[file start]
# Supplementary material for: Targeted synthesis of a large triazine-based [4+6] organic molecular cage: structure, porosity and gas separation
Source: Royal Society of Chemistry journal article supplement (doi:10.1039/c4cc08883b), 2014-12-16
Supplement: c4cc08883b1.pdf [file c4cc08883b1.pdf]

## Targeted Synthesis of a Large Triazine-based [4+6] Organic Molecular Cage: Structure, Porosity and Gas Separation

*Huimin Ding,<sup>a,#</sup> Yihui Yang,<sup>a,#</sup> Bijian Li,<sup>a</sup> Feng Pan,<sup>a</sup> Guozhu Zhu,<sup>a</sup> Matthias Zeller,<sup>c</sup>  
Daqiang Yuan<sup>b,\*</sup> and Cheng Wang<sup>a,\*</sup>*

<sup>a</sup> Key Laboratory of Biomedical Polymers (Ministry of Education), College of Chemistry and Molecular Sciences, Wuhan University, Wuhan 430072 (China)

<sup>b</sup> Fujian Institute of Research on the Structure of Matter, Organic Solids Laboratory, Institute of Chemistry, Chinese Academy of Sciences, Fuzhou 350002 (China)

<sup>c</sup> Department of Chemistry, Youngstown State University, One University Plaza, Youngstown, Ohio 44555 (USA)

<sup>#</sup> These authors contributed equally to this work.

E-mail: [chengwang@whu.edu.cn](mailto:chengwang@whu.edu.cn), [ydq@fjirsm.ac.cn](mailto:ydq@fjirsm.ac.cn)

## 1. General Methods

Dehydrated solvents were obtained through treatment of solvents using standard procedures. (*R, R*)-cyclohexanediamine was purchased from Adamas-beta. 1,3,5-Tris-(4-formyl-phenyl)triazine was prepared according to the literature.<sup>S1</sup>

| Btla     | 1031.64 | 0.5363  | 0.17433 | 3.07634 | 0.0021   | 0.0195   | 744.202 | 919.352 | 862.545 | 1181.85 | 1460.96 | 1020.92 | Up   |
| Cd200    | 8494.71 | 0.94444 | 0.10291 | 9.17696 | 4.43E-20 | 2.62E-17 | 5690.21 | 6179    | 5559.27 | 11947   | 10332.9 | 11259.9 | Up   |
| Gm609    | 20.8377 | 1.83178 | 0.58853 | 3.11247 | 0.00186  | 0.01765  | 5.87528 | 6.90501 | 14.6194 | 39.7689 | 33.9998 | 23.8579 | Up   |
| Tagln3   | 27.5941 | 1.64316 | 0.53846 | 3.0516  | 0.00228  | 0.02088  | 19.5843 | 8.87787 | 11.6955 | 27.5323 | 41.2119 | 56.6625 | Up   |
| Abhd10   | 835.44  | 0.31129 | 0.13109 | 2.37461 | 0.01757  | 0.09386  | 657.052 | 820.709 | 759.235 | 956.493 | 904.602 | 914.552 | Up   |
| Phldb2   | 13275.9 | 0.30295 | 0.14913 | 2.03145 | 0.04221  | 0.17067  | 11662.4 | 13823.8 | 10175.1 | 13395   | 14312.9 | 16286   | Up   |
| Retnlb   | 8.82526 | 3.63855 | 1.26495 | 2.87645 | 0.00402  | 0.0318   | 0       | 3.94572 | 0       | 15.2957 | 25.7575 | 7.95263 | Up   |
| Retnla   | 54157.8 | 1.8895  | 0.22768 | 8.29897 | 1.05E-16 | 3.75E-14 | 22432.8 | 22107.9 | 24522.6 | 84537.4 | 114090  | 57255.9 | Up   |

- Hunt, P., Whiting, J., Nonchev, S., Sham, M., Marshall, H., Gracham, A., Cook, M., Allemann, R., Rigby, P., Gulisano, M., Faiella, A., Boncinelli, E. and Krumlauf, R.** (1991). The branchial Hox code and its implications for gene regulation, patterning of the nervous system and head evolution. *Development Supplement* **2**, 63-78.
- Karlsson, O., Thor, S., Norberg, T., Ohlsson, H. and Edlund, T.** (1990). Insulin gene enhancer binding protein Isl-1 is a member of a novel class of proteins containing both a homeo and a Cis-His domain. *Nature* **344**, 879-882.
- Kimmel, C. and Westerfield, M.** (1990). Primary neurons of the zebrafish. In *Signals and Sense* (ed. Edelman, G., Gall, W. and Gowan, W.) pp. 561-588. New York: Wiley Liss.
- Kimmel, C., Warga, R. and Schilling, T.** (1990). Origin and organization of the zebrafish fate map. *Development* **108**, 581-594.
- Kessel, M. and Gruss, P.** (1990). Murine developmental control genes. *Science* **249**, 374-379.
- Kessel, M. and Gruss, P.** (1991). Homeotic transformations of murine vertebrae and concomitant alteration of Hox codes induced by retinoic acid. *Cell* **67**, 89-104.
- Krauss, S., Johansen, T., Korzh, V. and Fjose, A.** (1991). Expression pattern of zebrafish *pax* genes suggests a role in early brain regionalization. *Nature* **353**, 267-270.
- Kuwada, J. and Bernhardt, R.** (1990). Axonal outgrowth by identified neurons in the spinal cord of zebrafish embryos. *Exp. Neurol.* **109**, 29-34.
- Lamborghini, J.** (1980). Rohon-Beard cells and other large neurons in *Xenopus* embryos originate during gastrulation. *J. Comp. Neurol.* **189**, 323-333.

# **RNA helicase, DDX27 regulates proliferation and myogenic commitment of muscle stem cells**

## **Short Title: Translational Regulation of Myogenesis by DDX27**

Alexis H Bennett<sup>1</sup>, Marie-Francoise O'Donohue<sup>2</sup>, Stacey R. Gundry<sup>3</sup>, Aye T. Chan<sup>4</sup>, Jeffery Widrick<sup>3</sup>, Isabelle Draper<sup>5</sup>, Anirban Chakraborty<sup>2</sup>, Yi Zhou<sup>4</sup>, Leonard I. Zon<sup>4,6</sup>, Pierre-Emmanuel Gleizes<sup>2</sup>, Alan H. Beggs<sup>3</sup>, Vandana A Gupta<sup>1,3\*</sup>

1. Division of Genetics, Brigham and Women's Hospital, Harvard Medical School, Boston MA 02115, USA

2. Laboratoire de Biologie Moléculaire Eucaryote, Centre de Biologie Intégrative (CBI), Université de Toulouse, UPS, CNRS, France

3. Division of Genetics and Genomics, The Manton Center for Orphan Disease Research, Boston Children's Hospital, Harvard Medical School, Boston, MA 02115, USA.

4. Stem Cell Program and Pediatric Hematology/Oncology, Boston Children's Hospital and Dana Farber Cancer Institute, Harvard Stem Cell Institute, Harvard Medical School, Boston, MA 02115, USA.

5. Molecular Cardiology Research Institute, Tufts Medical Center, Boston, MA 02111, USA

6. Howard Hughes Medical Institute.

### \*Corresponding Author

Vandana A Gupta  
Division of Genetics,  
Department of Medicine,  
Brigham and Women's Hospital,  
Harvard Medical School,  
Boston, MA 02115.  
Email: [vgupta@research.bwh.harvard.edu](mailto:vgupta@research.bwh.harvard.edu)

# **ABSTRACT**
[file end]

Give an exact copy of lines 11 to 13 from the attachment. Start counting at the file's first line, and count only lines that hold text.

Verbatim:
E-mail: [chengwang@whu.edu.cn](mailto:chengwang@whu.edu.cn), [ydq@fjirsm.ac.cn](mailto:ydq@fjirsm.ac.cn)

## 1. General Methods

Dehydrated solvents were obtained through treatment of solvents using standard procedures. (*R, R*)-cyclohexanediamine was purchased from Adamas-beta. 1,3,5-Tris-(4-formyl-phenyl)triazine was prepared according to the literature.<sup>S1</sup>